I DEEPLY sympathise with those youthful enthusiasts who were on the threshold of their motoring career when war broke out a year ago, and are now waiting to resume, with but few personal reminiscences to lighten the period of waiting. Our correspondence columns used to bear witness to the fun obtained by impecunious enthusiasts who ran very cheap cars to Donington, Shelsley-Walsh, Prescott and the other sporting venues, somewhat envious of the real fast stuff, but getting heaps of enjoyment from their own means of transport. Some of those really cheap cars seem to have given great service, and I have just read a letter from someone whose 1928 Riley Nine tourer cost him £8 in August, 1938, and which gave no terrible trouble in 6,000 miles, although driven flat out on the cheapest petrol and on sump drainings contributed from friend’s cars. Fifty to fifty-five m.p.h. was realised with a fuel consumption of 28 m.p.g. I wonder where this enthusiast is now! The preparation on the evening prior to leaving for a sporting venue far distant, the early start with a cheery crew of sport-loving fellows and girls, and the successful conclusion late at night of a long day’s motoring and spectating was all very real fun, which thousands of us are longing to return to. Memories of such times, if they slightly depress, certainly make us resolve to “Keep At It” so that peace will return all the sooner, and make us read with great enjoyment of the successes of our R.A.F. which will do so much to hasten the end of hostilities. In the meantime, we must count ourselves very fortunate to be able to get in some ordinary motoring still. The limit of rather less than 200 miles a month isn’t really so bad now that spare-time for most of us is seriously curtailed on account of duty in the Services, or time devoted to work of national importance or defence. Even given a free day a week, there is a chance of two evening’s pottering, a day’s good motoring of 50 miles or so out and home, and a day devoted to working on the car, to pass the month away. With an annual mileage definitely restricted to 2,400, really cheap cars, carefully picked, are much less likely to give trouble or to demand new tyres than in peace-time, for they will be driven in much more leisurely fashion for only half and possibly a quarter of the mileage which the more optimistic enthusiasts used to demand of them in happier days. So I have no compunction about suggesting that there is nothing against the acquisition of cheap small cars as a means of relaxation, providing they are in reasonably road-worthy condition. Although secondhand prices are rising, in the case of really cheap cars they are getting lower, and one sees road-worthy Morris Minors and Austin Sevens for £10 that formerly cost over £20. There are, I know, some enthusiasts in the Services keen enough to forgo other pleasures if they can only go on motoring. Which is why we still give details from time to time of such cars in usable order that are going at breaker’s price . . . . The easier conditions of war-time motoring should suit the better-preserved of these cars very well, and, taking the proverbial fiver as a fair price, given luck, I am satisfied that motoring on basic rations might be had for as little as 15/- a week.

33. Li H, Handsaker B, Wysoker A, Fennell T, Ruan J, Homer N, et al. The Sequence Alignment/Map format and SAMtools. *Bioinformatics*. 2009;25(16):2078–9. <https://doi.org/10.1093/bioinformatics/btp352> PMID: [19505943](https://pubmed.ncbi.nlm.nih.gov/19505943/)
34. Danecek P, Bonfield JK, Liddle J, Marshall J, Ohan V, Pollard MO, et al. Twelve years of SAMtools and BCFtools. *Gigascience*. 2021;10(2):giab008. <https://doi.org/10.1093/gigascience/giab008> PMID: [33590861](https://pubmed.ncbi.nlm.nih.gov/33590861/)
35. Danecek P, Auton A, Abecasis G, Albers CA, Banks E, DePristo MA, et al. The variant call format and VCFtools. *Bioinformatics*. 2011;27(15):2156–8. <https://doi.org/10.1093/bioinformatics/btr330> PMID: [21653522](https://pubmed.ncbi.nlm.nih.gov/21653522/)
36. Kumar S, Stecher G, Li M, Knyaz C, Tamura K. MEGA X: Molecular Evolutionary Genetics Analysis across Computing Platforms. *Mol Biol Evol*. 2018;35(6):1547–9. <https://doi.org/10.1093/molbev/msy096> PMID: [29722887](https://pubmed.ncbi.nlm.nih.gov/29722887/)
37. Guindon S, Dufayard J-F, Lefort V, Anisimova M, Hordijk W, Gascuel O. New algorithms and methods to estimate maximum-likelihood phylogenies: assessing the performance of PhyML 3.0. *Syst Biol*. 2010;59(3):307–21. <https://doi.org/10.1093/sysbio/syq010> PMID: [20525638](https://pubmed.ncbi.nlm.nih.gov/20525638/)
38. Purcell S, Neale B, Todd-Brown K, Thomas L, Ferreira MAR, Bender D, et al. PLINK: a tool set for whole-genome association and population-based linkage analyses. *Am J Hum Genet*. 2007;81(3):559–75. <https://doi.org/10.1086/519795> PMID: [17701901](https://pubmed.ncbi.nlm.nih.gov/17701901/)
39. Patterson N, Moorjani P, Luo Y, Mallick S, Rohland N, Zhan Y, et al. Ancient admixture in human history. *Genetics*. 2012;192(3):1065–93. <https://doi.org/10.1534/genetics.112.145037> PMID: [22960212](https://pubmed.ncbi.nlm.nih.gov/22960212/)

New World’s Records
The World’s 24 Hour Record has been broken by the American Ab. Jenkins, driving his Mormon Meteor at Utah. The new figure is 161.18 m.p.h., an improvement of 3.91 m.p.h. over the former figure, also established by Jenkins. In the course of his run, Jenkins altogether set up twenty new world’s figures, subject to confirmation, including the Hour, at 182.513 m.p.h., and the Twelve Hours at 170.21 m.p.h. After six hours, the salt-surface softened in the intense heat and the course was changed from the 12½-mile oval to the 11-mile circle, a change allowed under present rules. The latter circuit was lapped at 189 m.p.h., a local record. In all, the 750 h.p. Mormon ran 3,868.32 miles at timed speed. Jenkins’s co-driver was Cliff Bergere.